Amani Al-Khatahtbeh is a force to be reckoned with. Editor-in-chief of the renowned website MuslimGirl, published author, beauty icon and in-demand speaker, she is destroying stereotypes about Muslim women left, right and centre - as well as creating spaces for them to be free.
Al-Khatahtbeh annihilated the glass ceiling last year when she became the first veiled Muslim woman on the Forbes 30 Under 30 list, pushing the boundaries of what was deemed accessible to Muslim women in the United States. But Al-Khatahtbeh wasn’t always the fierce entrepreneur she is now. Her path to success started as one of defiance and fear that came with being young, Muslim and female in the United States of America.
Ashamed Of Being Muslim in Post-9/11 America
Al-Khatahtbeh, who is of Jordanian and Egyptian descent, is part the ‘forgotten 9/11 generation’, a generation of Muslim youth who grew up in the shadows of the ‘war on terror’ and experienced bigotry and intolerance before they were old enough to understand why.
"I was so scared about everyone's judgements, and I was so alienated by everything I was hearing on the news," she told Bustle. "[It was] almost pushing me away from my own identity, my own background and heritage."
By the age of 13, Al-Khatahtbeh was lying about being Muslim in order to detract attention from herself and her heritage. After her parents faced a series of Islamophobic attacks (her mother's tires were slashed and her father’s business was threatened with eviction), her family moved to Jordan - an experience that opened Al-Khatahtbeh’s eyes to the beauty of her culture.
"That was the first time that I heard the stories of Arab and Muslim people in their own voices," she said. "It was game-changing, because it made me fall in love with my religion, it made me fall in love with my background and my culture."
Al-Khatahtbe reconciliation with her culture and faith culminated in her decision to wear the hijab. Choosing to have a physical marker of her religion was also a way for her to show her defiance against the Islamophobia that had pressured her to lie about her religion years earlier.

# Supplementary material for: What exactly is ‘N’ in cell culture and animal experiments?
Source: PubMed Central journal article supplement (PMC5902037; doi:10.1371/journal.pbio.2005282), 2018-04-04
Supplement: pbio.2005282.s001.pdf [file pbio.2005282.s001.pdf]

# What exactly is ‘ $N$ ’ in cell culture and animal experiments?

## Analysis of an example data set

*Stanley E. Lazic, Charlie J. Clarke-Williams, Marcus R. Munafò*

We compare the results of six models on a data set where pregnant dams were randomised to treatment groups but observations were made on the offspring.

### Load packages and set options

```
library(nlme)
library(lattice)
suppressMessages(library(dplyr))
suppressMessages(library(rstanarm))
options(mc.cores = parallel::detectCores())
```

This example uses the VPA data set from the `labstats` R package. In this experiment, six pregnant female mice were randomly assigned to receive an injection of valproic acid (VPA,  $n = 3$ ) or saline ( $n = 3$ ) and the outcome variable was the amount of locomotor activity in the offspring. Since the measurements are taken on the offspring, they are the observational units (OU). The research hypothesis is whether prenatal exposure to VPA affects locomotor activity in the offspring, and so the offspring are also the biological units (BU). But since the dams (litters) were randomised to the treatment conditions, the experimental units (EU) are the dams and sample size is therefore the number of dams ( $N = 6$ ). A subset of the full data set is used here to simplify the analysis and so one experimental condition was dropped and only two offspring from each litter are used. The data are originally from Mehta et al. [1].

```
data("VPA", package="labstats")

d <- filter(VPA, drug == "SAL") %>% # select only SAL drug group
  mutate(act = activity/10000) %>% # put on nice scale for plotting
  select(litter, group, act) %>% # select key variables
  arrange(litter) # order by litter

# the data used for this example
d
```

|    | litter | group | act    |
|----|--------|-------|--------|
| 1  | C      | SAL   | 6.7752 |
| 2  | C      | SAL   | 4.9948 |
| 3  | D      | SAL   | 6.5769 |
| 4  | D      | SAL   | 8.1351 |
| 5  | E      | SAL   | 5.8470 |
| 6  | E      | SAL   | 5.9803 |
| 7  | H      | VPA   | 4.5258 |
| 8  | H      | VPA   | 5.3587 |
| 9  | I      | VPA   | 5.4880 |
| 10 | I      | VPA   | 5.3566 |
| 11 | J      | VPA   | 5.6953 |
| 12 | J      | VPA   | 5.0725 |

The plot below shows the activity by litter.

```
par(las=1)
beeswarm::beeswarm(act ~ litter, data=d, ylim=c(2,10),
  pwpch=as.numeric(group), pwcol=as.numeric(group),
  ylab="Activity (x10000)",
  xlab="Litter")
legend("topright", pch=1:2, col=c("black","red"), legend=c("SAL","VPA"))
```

“Over the past decade or so we’ve seen the resurgence of the hijab globally,” she told TimeOut. “I think it came as a result of this widespread attack on our identity. For a lot of us, we turned to something we knew was symbolic of our identity.”
Finding Her Voice through MuslimGirl
Al-Khatahtbeh’s family moved back to the US when she was 17 - and old enough to understand the importance of representation in the media.
“It’s easy to marginalize an entire group of people when they’re not given a platform. People like to conveniently cloak their anti-Islam sentiment through sweeping generalizations and misguided headlines,” she told Teen Vogue. “In that way, most people watch the news and come to have a distorted conflation of Islam and terrorism. It’s almost like manufacturing hate.”
Al-Khatahtbeh started the blog MuslimGirl.net out of her bedroom in order to create a space to celebrate and discuss the diverse accomplishments and lifestyles of Muslim women. Rather than accept mainstream narratives about Islam, Al-Khatahtbeh recruited female writers that challenged the status-quo and represented the feminist ideals of the modern Muslim woman.
Seven years later, MuslimGirl has one million unique readers and 50 writers and editors on its roster. With the tagline ‘Muslim Women Talk Back’, the website produces boundary pushing content on the topics of sexuality, politics and feminism that was impossible to find beforehand and that would never be published in the mainstream media.
“MuslimGirl has taken on a life of its own that far surpassed any possible expectation I could have had for it,” Al-Khatahtbeh told the Guardian. “This was just a hobby for me. It’s turned into a social movement, one that young women ... are cultivating into something unique to themselves individually.”
Using Her Voice to Support Muslim Women Worldwide
Not only is MuslimGirl now the main source of news catering to young Muslim women in the US, it has also become a social entrepreneurship venture that pushes for improved representation of Muslim women in society as a whole.
MuslimGirl launched multiple campaigns last year to support the voices of Muslim women in the press as well as founding the first Muslim Women’s Day and creating a scholarship fund for Muslim women called the MuslimGirl Foundation.
Al-Khatahtbeh is aware of the responsibility that now lays on her shoulders and is determined to use her voice to increase opportunities for other Muslim women.
“I’m grateful to be able to use the privileges I have to offer a new image and narrative for Muslim women in the media,” she said. “And it’s my personal goal to make such privileges accessible to as many Muslim women as possible. We need to uplift as many voices onto these platforms as we can.”